If Andrew Thomas were the one telling this story, he'd probably begin it on December 12, 2008.
That's the day Thomas, the newly re-elected Maricopa County Attorney, issued a subpoena to other county officials — demanding to see all contracts and procurement documents from the court tower about to break ground in downtown Phoenix.
Thomas would surely tell you that he and his closest ally, Sheriff Joe Arpaio, had become convinced that the project had fallen prey to misspending, graft, even outright corruption. Grand jury time!
But county officials blocked Thomas from getting the records. As Thomas would tell it, corrupt judges refused to acknowledge their conflicts of interest. They quashed Thomas' subpoenas and kicked his office off the case — refusing to change their minds even after Thomas provided them with shocking new evidence.
So Thomas had to file a racketeering claim against county judges, officials, and their lawyer, Tom Irvine. He had to file a criminal claim against the judge who denied him the court tower records. Anything to root out corruption.
Or so Thomas would tell you.
If someone else were telling this story, they'd undoubtedly start it earlier than Thomas.
They might well start it on December 5, 2008 — just one week before Thomas.
By that point, the relationship between Thomas and Arpaio and the other county officials had taken a turn for the worse.
As the county attempted to deal with a shrinking economy and budget shortfall, the sheriff began loudly questioning why county administrators were pushing forward with the pricey construction project, even as his budget was being cut.
Then came the indictment against Maricopa County Supervisor Don Stapley, charging that he'd failed to disclose his financial interests on county-mandated forms.
Those charges ought to amount to a few misdemeanors, legal experts say. Yet in this case, Arpaio and Thomas slapped Stapley with 118 criminal counts — half of them felonies.
And so on December 5, four county supervisors — the board minus Stapley, who recused himself — met to discuss the ramifications of Stapley's indictment. They'd long considered Thomas their attorney, to the point that Stapley had even gotten legal advice from Thomas' office on filling out his disclosure forms. Now Thomas was prosecuting Stapley for the very same matter it once advised him on.
Could the supervisors trust Thomas? How could he possibly have their interests at heart when he was trying to prosecute one of their own? The supervisors no longer knew what to believe.
At that meeting, the supervisors took action. They took the first step toward a series of moves that would eventually strip Thomas of much of his civil division, instead setting up a separate unit that answered to the County Manager's Office.
That day, they appointed an outside lawyer to look into Thomas' conflicts of interests. That lawyer: Tom Irvine.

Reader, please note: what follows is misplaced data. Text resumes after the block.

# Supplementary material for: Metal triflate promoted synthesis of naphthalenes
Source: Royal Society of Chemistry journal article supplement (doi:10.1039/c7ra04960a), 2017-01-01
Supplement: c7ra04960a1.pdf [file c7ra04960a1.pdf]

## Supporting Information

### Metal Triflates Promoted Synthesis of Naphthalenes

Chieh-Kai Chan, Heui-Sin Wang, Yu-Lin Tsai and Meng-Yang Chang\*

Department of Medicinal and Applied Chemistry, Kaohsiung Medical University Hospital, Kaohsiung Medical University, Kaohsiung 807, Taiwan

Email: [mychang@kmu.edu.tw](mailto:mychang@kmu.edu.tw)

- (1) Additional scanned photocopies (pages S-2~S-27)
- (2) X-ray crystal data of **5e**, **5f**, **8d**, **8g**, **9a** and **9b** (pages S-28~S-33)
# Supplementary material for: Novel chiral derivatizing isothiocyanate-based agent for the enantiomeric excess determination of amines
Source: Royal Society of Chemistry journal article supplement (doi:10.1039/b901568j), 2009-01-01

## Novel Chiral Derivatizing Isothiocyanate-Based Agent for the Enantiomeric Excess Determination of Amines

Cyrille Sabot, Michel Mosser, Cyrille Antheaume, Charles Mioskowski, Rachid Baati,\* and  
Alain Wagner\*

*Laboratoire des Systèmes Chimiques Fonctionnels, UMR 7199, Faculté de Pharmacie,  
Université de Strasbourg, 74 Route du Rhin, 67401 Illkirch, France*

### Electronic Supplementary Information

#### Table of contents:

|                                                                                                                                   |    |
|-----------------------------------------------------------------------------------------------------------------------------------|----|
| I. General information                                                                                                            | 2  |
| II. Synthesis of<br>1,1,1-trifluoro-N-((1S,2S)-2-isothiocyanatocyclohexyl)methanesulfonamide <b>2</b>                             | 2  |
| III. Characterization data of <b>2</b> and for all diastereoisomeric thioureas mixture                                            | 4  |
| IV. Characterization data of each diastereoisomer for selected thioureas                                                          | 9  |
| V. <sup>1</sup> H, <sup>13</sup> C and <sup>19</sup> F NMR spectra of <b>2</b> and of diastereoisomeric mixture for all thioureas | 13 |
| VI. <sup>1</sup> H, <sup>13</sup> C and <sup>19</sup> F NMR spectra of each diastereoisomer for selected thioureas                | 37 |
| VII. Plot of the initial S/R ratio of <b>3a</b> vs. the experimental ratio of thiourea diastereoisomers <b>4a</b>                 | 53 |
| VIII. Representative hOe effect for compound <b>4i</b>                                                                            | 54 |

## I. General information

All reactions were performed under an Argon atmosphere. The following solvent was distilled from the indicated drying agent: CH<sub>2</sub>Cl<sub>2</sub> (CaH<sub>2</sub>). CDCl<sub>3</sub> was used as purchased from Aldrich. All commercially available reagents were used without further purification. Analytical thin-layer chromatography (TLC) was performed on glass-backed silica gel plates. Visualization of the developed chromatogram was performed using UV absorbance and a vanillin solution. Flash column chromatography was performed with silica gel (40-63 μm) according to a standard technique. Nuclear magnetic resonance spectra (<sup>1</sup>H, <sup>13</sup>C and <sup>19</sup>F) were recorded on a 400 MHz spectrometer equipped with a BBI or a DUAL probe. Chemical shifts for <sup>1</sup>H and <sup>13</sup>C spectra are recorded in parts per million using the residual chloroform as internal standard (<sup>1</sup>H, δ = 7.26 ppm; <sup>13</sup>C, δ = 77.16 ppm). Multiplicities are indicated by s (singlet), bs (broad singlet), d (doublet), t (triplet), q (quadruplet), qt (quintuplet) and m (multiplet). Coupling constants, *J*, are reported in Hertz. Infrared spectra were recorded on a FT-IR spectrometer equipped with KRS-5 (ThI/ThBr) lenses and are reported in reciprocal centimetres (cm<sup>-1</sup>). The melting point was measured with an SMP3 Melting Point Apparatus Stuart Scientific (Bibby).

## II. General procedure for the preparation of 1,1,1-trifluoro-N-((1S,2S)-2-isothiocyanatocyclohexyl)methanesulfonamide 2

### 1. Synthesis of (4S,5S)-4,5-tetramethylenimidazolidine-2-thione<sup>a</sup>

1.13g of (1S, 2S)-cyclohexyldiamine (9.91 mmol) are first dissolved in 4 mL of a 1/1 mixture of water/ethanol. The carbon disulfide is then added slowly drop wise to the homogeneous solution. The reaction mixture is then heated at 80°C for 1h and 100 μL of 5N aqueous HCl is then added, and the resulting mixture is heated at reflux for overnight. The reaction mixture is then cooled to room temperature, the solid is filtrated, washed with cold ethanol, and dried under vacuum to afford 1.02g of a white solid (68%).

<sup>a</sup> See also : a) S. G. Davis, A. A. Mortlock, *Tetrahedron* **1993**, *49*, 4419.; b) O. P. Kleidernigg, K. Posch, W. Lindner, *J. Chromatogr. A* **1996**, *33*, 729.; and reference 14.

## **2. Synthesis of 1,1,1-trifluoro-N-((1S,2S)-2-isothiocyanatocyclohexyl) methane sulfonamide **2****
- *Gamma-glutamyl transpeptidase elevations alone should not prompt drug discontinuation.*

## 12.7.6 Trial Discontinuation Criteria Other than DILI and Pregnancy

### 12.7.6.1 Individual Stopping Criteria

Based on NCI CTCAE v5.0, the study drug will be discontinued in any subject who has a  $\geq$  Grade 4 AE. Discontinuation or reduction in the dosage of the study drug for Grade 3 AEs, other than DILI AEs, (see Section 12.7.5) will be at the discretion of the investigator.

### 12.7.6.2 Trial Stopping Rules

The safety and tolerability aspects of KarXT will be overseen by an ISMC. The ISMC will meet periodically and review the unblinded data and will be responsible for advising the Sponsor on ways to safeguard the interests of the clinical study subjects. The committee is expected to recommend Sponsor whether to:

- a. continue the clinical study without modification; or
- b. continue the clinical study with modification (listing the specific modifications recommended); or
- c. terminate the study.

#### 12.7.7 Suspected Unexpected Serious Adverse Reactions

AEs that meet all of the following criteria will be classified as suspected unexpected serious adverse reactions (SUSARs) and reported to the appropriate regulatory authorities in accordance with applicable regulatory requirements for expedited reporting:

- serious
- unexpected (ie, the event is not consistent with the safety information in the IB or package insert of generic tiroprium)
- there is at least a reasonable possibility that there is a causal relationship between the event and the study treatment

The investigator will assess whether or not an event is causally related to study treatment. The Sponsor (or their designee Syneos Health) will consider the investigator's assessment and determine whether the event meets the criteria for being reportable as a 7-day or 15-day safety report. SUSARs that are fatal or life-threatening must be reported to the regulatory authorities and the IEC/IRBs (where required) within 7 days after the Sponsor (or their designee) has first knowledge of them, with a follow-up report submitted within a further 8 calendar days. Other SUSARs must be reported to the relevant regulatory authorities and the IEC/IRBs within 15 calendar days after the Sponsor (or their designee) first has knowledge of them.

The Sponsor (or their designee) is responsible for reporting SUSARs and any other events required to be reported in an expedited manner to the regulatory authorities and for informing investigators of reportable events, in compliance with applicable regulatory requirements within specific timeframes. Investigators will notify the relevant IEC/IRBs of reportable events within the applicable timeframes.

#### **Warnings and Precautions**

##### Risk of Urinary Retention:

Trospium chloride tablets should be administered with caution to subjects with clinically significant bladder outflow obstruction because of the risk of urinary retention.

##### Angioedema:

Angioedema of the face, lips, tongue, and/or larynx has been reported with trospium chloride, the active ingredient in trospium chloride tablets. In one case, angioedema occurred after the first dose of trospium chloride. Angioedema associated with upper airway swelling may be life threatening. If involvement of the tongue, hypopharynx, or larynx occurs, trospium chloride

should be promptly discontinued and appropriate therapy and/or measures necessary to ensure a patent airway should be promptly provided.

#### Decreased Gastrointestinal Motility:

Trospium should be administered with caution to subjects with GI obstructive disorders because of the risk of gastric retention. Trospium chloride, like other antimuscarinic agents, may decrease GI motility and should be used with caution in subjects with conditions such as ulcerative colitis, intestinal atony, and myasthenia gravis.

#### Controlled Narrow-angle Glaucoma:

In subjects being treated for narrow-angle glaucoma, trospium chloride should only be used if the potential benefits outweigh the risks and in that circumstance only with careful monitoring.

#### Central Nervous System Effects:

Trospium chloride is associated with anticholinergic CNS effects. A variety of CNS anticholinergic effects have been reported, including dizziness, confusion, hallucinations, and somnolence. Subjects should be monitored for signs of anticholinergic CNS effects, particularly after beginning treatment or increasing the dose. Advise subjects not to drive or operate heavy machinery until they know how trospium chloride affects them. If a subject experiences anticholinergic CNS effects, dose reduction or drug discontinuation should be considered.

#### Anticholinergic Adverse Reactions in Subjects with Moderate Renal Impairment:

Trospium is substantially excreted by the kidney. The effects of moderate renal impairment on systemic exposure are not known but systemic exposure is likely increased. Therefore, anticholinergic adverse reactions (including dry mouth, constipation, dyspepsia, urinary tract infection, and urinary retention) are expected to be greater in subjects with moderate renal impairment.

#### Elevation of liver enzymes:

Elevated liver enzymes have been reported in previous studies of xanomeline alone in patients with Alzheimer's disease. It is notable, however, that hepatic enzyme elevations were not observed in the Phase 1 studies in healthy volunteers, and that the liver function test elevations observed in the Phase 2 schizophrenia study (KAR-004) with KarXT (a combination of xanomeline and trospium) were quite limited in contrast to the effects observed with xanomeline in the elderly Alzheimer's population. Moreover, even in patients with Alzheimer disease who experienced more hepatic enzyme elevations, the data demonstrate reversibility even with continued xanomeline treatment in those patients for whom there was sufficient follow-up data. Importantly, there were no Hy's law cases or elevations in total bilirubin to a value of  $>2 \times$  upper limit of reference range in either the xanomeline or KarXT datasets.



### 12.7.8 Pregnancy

Irvine had long been involved with the court tower project, as Thomas' office was well aware.
And that's why it's so interesting that — just one week after Irvine was hired to look into Thomas' conflicts — Thomas went after Irvine, and the court tower, with a vengeance.
To date, no one — from Arpaio to Thomas to the media to the conservative bloggers who've fumed over the project — has offered specific allegations of impropriety regarding the court tower's construction. Yet the project is at the center of every conspiracy theory Thomas and Arpaio have proffered in the past year.
Indeed, Arpaio and Thomas have made the court tower the subject of a grand jury investigation. It's been Exhibit A in a "racketeering" lawsuit that Thomas filed against county officials, charging that the supervisors, some county judges, and their lawyers are a "criminal enterprise." The project is also at the heart of a criminal complaint against the county's presiding criminal court judge — Thomas charged, in essence, that Judge Gary Donahoe had obstructed justice by stopping Thomas' probe.
The court tower conspiracy has also been Thomas' chief tool in a concerted effort to smear Irvine.
In the 14 months since the board of supervisors hired Irvine to look into Thomas, Irvine has been sued by Thomas — twice. One suit is the racketeering claim, accusing Irvine and his law partner of being part of a criminal enterprise. The second, since dropped, accused Irvine of trying to usurp Thomas' power.
Thomas hasn't limited his animus to civil suits. The county attorney announced, in court filings, that Irvine was a target of a criminal investigation related to the court tower. He also got a friendly local television journalist interested in his Irvine-focused conspiracy theory. Josh Bernstein, a news reporter at Channel 15 (KNXV), actually attempted one of those parking lot stalking jobs by following Irvine with a camera, shouting questions.
Typically, you see people get that treatment when they're caught with their hand in the till — or in the pants of a little boy. Not Irvine. The most Thomas (or Bernstein) has alleged to date is that Irvine has dared to represent both the county judiciary and the county supervisors on the court tower project.
Never mind that neither the judiciary nor the supervisors have the slightest complaint about Irvine's performance. Never mind that the two parties are far from adversarial.